Recently a Galaxy was discovered that contained no Dark Matter. I was wondering what explanation could be offered for this ? This Galaxy also contains only 1% as many Stars as our Milky Way does . Is there be a connection between these two things, lack of many Stars and lack of Dark Matter ?


2 Answers 2


The paper describing this finding is van Dokkum et al. (2018). In a galaxy, the ratio of the stellar mass $M_\star$ to dark matter mass $M_\mathrm{DM}$ is normally very small, increasing with mass until Milky Way-sized galaxies where it reaches $\sim1/30$, then decreasing again. But the dwarf galaxy NGC1052–DF2, seems to contain little or no dark matter. Galaxies of that mass ($M_\star\sim2\times10^8\,M_\odot$) typically has several hundred times more DM than stars.

How the galaxy was formed is not known, but the authors speculate on a few different mechanisms that all have to do with the fact that gas, in contrast to DM, may cool and condense and thus form clouds of very high $M_\mathrm{gas}/M_\mathrm{DM}$ ratios:

  • NGC1052–DF2 is located neat an large elliptical galaxy (NGC 1052) which could have gone through a merging event, tidally stripping a chunk of gas from one of the mergers. This is consistent with NGC1052–DF2 having a large velocity wrt. the elliptical.

  • NGC1052–DF2 could have formed from low-metallicity gas that was swept up in quasar winds (as described in Natarajan et al. 1998).

  • Lastly, NGC1052–DF2 could have formed from the fragmentation of gas accreting onto the elliptical, possibly aided by shocks.

EDIT (thanks to @WayfaringStranger): A fourth possibility is that the authors have misinterpreted the data. Shortly after the paper was put out, several other papers criticized the statistical methods used by van Dokkum et al. to infer their result (Martin et al. 2018; Famaey et al. 2018; Laporte et al. 2018). van Dokkum wrote in a very long reply on his blog how at least the first of these papers actually confirm, rather than refute, his results. I am not enough of a statistician to comment on who's right and who's wrong, but note that there is currently an ongoing debate on the Facebook group astrostatistics.

You also ask whether the lack of DM is related to its "lack of stars". I wouldn't say that NGC1052–DF2 "lacks stars", anymore than the Milky Way "has too many stars" — it's just a small galaxy. But in general, the smaller a galaxy is, the larger the scatter in the $M_\star/M_\mathrm{DM}$ ratio is. Small galaxies, or small clumps of gas, have shallow gravitational potentials, so a small galaxy can more easily get stripped of gas, and a small chunk of gas can more easily escape a galaxy, or accretion stream, without attracting dark matter. In contrast, if would be very hard to conceive a very large galaxy having a considerably different $M_\star/M_\mathrm{DM}$ ratio, and indeed the scatter for massive galaxies is less than a factor of two (e.g. More et al. 2010).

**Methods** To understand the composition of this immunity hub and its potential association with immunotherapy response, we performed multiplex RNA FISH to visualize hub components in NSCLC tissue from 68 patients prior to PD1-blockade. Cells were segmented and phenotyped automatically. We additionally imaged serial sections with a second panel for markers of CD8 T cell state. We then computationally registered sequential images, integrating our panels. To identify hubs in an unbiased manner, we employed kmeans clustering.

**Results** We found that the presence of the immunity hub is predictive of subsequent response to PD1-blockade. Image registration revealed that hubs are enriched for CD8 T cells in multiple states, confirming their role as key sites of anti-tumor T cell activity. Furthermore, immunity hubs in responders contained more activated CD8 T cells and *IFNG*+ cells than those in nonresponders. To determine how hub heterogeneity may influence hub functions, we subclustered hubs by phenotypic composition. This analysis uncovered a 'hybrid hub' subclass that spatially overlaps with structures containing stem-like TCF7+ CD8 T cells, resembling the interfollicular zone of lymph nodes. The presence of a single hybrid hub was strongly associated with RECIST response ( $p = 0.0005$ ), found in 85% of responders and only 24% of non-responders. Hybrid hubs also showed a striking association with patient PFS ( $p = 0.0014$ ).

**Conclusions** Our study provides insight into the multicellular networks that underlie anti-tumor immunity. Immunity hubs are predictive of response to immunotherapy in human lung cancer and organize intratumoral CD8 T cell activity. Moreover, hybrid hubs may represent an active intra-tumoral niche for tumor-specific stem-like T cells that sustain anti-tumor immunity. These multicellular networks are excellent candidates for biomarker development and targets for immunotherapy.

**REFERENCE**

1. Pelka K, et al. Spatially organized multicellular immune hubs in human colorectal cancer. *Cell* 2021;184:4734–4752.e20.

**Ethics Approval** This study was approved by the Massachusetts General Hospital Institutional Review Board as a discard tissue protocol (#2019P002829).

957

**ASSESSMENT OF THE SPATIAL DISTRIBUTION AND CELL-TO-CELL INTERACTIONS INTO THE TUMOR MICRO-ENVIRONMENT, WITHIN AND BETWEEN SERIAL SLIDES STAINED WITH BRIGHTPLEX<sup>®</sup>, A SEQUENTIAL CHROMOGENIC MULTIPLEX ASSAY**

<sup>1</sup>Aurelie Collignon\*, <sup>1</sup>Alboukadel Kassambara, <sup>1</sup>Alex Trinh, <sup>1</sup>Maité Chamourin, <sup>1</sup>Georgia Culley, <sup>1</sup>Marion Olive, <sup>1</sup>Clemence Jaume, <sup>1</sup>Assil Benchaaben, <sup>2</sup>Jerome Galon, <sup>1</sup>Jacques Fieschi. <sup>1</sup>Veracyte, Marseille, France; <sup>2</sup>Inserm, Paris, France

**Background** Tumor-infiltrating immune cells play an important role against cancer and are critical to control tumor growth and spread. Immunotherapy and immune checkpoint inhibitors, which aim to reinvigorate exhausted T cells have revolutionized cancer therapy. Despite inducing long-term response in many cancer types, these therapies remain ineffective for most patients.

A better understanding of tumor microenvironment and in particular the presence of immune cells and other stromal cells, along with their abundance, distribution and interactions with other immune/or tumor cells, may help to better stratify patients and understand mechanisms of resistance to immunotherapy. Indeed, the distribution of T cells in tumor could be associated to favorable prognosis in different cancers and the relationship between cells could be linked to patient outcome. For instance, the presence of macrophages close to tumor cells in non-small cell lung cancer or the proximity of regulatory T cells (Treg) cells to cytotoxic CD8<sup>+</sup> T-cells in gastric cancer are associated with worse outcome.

• $\begingroup$ That Freaky Discovery of Galaxies With No Dark Matter Seems to Be Debunked. "According to new distance calculations, the galaxy in question is much closer than initial measurements suggested. This changes both the mass of the galaxy as a whole, and the proportion of that mass that could be normal matter." $\endgroup$ Commented Jul 17, 2019 at 22:16
  • $\begingroup$ @KeithMcClary Ooh exciting! I think van Dokkum begs to differ, though :D $\endgroup$
    – pela
    Commented Jul 18, 2019 at 10:29

Bullet cluster We've already seen an example of a large galaxy stripping dark matter from a smaller one.

  • $\begingroup$ No, this is different. The Bullet Cluster is stripped of gas, because it's collisional. The stars and DM, being collisionless, stays together. $\endgroup$
    – pela
    Commented Apr 7, 2018 at 17:37
  • $\begingroup$ @pela Quite possibly, but 14 billion years seems a long time to go without at least a major gravitational interaction. (Bside $\endgroup$ Commented Apr 7, 2018 at 18:48
  • $\begingroup$ That's true, but I don't think I understand what that has to to do with stars being separated from dark matter. $\endgroup$
    – pela
    Commented Apr 8, 2018 at 0:22
  • $\begingroup$ Not missing dark matter after all. Just perhaps a little low: arxiv.org/abs/1804.04136 arxiv.org/abs/1804.04167 arxiv.org/abs/1804.04139 Much ado about not very much. Doesn't take much to strip DM from what's already an ultra-diffuse galaxy. $\endgroup$ Commented Apr 17, 2018 at 0:00
  • $\begingroup$ @pela even "collisionless" stars carry a lot more momentum the dark matter particles. Try vacuuming up a mixture of fine sawdust and marbles some time. Easy to get all the sawdust without disturbing the marbles. Stars vs dark matter case is millions of times more extreme, $\endgroup$ Commented Apr 17, 2018 at 0:04

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